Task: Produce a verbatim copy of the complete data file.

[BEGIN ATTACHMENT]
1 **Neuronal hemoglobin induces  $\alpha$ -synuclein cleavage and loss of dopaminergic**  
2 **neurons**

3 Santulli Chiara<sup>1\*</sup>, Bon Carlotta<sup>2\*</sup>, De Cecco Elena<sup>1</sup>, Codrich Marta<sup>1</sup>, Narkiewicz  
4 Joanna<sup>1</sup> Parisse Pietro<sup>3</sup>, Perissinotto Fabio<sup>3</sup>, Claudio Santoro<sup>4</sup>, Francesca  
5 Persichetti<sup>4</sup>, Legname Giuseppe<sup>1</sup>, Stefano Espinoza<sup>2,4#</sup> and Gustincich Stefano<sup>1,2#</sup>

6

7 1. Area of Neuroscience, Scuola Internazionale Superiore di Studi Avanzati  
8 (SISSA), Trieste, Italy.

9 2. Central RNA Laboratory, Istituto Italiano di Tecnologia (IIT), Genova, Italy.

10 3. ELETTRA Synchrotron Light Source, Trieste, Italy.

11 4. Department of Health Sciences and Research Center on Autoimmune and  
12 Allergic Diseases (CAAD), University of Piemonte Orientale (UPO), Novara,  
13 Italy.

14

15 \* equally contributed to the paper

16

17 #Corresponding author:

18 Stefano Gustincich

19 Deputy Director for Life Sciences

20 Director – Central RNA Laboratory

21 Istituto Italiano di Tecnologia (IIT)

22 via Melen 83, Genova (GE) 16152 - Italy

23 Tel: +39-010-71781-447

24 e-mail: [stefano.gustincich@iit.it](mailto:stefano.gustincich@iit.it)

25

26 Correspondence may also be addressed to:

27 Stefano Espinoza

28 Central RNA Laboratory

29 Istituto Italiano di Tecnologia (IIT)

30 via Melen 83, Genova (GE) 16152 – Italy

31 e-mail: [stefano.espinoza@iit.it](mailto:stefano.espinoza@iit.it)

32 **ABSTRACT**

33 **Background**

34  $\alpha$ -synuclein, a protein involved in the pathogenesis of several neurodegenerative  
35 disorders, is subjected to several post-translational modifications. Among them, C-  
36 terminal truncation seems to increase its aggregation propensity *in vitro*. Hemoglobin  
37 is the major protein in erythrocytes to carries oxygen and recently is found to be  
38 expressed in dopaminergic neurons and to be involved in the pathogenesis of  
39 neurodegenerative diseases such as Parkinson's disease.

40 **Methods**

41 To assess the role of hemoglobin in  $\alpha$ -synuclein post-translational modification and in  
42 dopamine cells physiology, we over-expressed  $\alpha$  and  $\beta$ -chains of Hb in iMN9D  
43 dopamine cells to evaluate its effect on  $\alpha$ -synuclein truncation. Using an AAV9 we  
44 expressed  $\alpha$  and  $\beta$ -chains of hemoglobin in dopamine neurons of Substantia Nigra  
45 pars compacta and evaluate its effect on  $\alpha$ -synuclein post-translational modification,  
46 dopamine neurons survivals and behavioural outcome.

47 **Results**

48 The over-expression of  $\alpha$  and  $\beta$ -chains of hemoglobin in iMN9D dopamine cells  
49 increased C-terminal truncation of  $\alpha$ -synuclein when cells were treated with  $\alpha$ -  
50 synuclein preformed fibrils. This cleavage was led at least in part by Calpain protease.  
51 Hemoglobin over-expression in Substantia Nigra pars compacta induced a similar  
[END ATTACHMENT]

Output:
1 **Neuronal hemoglobin induces  $\alpha$ -synuclein cleavage and loss of dopaminergic**  
2 **neurons**

3 Santulli Chiara<sup>1\*</sup>, Bon Carlotta<sup>2\*</sup>, De Cecco Elena<sup>1</sup>, Codrich Marta<sup>1</sup>, Narkiewicz  
4 Joanna<sup>1</sup> Parisse Pietro<sup>3</sup>, Perissinotto Fabio<sup>3</sup>, Claudio Santoro<sup>4</sup>, Francesca  
5 Persichetti<sup>4</sup>, Legname Giuseppe<sup>1</sup>, Stefano Espinoza<sup>2,4#</sup> and Gustincich Stefano<sup>1,2#</sup>

6

7 1. Area of Neuroscience, Scuola Internazionale Superiore di Studi Avanzati  
8 (SISSA), Trieste, Italy.

9 2. Central RNA Laboratory, Istituto Italiano di Tecnologia (IIT), Genova, Italy.

10 3. ELETTRA Synchrotron Light Source, Trieste, Italy.

11 4. Department of Health Sciences and Research Center on Autoimmune and  
12 Allergic Diseases (CAAD), University of Piemonte Orientale (UPO), Novara,  
13 Italy.

14

15 \* equally contributed to the paper

16

17 #Corresponding author:

18 Stefano Gustincich

19 Deputy Director for Life Sciences

20 Director – Central RNA Laboratory

21 Istituto Italiano di Tecnologia (IIT)

22 via Melen 83, Genova (GE) 16152 - Italy

23 Tel: +39-010-71781-447

24 e-mail: [stefano.gustincich@iit.it](mailto:stefano.gustincich@iit.it)

25

26 Correspondence may also be addressed to:

27 Stefano Espinoza

28 Central RNA Laboratory

29 Istituto Italiano di Tecnologia (IIT)

30 via Melen 83, Genova (GE) 16152 – Italy

31 e-mail: [stefano.espinoza@iit.it](mailto:stefano.espinoza@iit.it)

32 **ABSTRACT**

33 **Background**

34  $\alpha$ -synuclein, a protein involved in the pathogenesis of several neurodegenerative  
35 disorders, is subjected to several post-translational modifications. Among them, C-  
36 terminal truncation seems to increase its aggregation propensity *in vitro*. Hemoglobin  
37 is the major protein in erythrocytes to carries oxygen and recently is found to be  
38 expressed in dopaminergic neurons and to be involved in the pathogenesis of  
39 neurodegenerative diseases such as Parkinson's disease.

40 **Methods**

41 To assess the role of hemoglobin in  $\alpha$ -synuclein post-translational modification and in  
42 dopamine cells physiology, we over-expressed  $\alpha$  and  $\beta$ -chains of Hb in iMN9D  
43 dopamine cells to evaluate its effect on  $\alpha$ -synuclein truncation. Using an AAV9 we  
44 expressed  $\alpha$  and  $\beta$ -chains of hemoglobin in dopamine neurons of Substantia Nigra  
45 pars compacta and evaluate its effect on  $\alpha$ -synuclein post-translational modification,  
46 dopamine neurons survivals and behavioural outcome.

47 **Results**

48 The over-expression of  $\alpha$  and  $\beta$ -chains of hemoglobin in iMN9D dopamine cells  
49 increased C-terminal truncation of  $\alpha$ -synuclein when cells were treated with  $\alpha$ -  
50 synuclein preformed fibrils. This cleavage was led at least in part by Calpain protease.  
51 Hemoglobin over-expression in Substantia Nigra pars compacta induced a similar  